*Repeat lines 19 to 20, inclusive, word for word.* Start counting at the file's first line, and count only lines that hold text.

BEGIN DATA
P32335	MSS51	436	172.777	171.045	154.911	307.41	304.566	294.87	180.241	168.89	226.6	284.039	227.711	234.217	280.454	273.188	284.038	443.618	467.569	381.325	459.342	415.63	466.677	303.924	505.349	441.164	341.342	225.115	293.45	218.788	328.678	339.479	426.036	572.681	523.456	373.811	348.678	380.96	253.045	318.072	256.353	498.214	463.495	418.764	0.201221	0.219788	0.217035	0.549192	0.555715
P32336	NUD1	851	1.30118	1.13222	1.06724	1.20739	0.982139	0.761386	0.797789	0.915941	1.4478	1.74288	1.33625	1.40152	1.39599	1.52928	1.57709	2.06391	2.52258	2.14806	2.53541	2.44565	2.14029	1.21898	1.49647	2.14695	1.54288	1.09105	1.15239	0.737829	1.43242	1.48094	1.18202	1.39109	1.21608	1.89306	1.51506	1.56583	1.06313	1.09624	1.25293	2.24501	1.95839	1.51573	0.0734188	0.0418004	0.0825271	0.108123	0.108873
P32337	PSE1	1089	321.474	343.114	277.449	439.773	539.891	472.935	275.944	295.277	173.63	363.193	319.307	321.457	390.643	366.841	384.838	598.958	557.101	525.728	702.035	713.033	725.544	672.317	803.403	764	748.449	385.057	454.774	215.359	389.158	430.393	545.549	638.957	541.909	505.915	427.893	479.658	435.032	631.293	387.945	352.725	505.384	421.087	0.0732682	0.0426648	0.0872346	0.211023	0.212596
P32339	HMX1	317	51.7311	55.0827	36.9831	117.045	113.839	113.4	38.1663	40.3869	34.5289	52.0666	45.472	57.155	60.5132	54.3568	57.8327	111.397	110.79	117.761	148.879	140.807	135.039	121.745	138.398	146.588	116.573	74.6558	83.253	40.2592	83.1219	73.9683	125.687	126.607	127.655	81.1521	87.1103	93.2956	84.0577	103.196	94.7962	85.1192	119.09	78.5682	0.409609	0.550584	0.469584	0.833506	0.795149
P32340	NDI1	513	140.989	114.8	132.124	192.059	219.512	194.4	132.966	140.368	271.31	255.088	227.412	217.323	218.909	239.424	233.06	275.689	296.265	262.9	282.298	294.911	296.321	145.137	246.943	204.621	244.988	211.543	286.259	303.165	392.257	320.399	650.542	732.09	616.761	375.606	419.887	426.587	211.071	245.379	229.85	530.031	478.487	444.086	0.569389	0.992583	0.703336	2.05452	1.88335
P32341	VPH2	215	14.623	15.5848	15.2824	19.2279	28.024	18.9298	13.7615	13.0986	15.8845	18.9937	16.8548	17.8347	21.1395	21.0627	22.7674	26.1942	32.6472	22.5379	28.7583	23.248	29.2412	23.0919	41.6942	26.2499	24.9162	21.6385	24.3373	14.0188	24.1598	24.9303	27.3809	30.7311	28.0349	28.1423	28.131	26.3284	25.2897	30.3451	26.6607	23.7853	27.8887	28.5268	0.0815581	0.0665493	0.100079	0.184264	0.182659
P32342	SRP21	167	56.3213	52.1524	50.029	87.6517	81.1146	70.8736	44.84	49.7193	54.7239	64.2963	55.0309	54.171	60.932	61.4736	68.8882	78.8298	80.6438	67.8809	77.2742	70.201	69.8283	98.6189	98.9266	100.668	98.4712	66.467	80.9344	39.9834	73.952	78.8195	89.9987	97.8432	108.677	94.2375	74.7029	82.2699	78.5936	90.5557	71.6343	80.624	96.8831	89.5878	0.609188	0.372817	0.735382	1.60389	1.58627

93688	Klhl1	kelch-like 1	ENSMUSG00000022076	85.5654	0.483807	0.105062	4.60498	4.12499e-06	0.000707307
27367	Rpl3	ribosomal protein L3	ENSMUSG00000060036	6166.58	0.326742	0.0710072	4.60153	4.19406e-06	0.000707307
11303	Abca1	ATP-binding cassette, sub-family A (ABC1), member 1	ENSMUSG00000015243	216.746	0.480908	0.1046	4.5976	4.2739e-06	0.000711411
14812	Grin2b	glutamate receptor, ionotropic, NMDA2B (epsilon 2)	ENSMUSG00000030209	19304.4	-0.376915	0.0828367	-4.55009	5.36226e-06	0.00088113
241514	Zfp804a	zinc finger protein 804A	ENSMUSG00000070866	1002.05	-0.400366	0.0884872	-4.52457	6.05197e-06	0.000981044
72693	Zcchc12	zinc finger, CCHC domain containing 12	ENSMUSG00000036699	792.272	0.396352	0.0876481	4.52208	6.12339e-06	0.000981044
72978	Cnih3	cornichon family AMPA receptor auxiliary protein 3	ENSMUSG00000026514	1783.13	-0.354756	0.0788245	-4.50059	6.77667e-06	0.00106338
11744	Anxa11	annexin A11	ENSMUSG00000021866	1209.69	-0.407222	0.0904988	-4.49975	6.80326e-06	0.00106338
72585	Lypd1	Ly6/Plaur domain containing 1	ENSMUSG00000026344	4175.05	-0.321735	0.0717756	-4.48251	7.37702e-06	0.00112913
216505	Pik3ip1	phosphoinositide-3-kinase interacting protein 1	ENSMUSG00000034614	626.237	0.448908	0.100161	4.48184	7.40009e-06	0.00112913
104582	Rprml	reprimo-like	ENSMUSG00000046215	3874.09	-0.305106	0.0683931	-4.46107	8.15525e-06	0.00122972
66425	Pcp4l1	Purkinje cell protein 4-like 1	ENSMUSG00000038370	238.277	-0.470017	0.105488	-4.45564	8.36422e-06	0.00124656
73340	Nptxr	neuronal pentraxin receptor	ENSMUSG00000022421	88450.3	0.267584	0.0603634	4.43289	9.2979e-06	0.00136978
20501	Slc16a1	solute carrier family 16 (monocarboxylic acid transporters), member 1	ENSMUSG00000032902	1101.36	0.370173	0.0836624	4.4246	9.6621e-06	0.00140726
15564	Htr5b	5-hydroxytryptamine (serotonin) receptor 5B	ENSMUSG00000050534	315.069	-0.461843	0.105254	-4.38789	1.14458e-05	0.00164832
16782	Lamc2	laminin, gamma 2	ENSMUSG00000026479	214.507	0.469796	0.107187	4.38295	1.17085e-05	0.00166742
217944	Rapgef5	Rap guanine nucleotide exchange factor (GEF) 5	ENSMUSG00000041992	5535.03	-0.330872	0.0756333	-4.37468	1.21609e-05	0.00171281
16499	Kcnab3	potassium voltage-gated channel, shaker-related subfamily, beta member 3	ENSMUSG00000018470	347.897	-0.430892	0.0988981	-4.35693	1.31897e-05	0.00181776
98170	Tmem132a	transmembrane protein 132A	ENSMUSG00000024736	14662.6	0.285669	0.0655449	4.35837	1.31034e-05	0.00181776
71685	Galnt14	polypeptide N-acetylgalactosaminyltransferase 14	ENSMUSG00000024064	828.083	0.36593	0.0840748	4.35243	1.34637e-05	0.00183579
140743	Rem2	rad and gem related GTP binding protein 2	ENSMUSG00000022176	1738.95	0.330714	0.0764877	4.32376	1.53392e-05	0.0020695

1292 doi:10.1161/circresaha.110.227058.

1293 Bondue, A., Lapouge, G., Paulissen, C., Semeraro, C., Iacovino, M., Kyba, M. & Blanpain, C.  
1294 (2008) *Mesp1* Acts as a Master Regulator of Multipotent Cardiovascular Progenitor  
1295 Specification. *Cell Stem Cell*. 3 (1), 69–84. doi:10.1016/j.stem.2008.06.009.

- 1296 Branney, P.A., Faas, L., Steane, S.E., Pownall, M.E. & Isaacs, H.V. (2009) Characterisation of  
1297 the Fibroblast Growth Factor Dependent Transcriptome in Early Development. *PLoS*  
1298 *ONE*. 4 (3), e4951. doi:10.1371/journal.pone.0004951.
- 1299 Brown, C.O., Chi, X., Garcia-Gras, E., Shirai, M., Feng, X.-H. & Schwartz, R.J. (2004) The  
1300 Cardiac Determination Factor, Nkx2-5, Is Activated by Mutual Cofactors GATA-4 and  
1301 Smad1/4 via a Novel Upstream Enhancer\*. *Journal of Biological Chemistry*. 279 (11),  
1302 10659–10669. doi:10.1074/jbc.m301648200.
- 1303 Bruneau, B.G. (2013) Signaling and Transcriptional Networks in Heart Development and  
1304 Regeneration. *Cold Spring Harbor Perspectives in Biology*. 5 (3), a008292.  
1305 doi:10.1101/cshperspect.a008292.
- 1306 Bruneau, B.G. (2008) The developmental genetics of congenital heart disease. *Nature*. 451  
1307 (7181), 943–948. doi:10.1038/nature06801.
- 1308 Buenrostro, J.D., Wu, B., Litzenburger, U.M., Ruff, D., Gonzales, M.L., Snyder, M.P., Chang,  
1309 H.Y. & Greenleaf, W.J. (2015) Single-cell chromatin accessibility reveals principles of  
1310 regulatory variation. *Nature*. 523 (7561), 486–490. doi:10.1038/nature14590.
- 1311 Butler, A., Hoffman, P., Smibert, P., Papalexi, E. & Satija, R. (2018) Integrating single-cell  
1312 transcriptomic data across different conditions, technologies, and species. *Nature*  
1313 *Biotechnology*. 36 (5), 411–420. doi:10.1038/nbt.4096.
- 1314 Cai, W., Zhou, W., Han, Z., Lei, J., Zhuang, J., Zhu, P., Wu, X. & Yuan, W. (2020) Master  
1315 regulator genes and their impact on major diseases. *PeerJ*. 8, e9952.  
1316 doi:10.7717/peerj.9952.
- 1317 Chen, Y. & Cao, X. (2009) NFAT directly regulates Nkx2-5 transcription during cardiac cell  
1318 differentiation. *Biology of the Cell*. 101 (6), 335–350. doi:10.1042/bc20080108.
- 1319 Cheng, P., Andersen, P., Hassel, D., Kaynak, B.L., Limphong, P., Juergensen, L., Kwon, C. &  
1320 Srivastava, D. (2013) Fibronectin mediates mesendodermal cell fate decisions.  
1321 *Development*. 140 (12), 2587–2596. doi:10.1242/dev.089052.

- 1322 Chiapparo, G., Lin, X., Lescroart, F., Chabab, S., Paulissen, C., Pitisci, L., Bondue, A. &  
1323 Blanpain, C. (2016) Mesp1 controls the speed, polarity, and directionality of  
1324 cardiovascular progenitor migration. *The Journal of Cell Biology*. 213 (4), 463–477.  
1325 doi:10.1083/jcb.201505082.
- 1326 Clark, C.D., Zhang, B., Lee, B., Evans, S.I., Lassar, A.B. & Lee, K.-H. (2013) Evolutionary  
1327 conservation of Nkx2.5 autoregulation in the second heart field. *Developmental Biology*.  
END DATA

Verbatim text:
66425	Pcp4l1	Purkinje cell protein 4-like 1	ENSMUSG00000038370	238.277	-0.470017	0.105488	-4.45564	8.36422e-06	0.00124656
73340	Nptxr	neuronal pentraxin receptor	ENSMUSG00000022421	88450.3	0.267584	0.0603634	4.43289	9.2979e-06	0.00136978